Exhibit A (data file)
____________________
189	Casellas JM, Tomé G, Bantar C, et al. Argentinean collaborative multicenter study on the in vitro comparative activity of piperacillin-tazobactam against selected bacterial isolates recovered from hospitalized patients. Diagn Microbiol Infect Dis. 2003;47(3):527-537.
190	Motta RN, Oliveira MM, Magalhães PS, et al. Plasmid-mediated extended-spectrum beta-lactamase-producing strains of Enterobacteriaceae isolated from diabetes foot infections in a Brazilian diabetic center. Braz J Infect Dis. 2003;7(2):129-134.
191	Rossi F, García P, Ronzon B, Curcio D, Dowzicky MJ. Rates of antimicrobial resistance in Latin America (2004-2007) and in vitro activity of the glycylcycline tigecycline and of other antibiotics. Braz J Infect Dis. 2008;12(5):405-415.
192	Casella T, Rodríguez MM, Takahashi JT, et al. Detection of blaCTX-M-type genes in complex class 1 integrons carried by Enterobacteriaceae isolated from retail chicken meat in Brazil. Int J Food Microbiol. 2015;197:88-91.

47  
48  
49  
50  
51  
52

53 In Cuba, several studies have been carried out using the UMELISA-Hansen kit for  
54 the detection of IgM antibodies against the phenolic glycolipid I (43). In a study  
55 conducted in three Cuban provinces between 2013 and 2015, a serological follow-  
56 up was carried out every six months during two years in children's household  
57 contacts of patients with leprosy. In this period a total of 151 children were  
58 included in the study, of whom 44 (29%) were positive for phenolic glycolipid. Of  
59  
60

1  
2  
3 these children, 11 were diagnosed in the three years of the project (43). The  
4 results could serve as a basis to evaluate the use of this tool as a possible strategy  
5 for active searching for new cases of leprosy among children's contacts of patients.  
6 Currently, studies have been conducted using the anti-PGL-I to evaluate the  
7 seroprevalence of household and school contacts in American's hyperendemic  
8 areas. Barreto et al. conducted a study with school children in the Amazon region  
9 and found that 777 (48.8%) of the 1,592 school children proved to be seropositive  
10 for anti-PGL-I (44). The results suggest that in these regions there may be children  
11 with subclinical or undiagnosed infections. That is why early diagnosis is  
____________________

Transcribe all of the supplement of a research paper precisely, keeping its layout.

189	Casellas JM, Tomé G, Bantar C, et al. Argentinean collaborative multicenter study on the in vitro comparative activity of piperacillin-tazobactam against selected bacterial isolates recovered from hospitalized patients. Diagn Microbiol Infect Dis. 2003;47(3):527-537.
190	Motta RN, Oliveira MM, Magalhães PS, et al. Plasmid-mediated extended-spectrum beta-lactamase-producing strains of Enterobacteriaceae isolated from diabetes foot infections in a Brazilian diabetic center. Braz J Infect Dis. 2003;7(2):129-134.
191	Rossi F, García P, Ronzon B, Curcio D, Dowzicky MJ. Rates of antimicrobial resistance in Latin America (2004-2007) and in vitro activity of the glycylcycline tigecycline and of other antibiotics. Braz J Infect Dis. 2008;12(5):405-415.
192	Casella T, Rodríguez MM, Takahashi JT, et al. Detection of blaCTX-M-type genes in complex class 1 integrons carried by Enterobacteriaceae isolated from retail chicken meat in Brazil. Int J Food Microbiol. 2015;197:88-91.

47  
48  
49  
50  
51  
52

53 In Cuba, several studies have been carried out using the UMELISA-Hansen kit for  
54 the detection of IgM antibodies against the phenolic glycolipid I (43). In a study  
55 conducted in three Cuban provinces between 2013 and 2015, a serological follow-  
56 up was carried out every six months during two years in children's household  
57 contacts of patients with leprosy. In this period a total of 151 children were  
58 included in the study, of whom 44 (29%) were positive for phenolic glycolipid. Of  
59  
60

1  
2  
3 these children, 11 were diagnosed in the three years of the project (43). The  
4 results could serve as a basis to evaluate the use of this tool as a possible strategy  
5 for active searching for new cases of leprosy among children's contacts of patients.  
6 Currently, studies have been conducted using the anti-PGL-I to evaluate the  
7 seroprevalence of household and school contacts in American's hyperendemic  
8 areas. Barreto et al. conducted a study with school children in the Amazon region  
9 and found that 777 (48.8%) of the 1,592 school children proved to be seropositive  
10 for anti-PGL-I (44). The results suggest that in these regions there may be children  
11 with subclinical or undiagnosed infections. That is why early diagnosis is  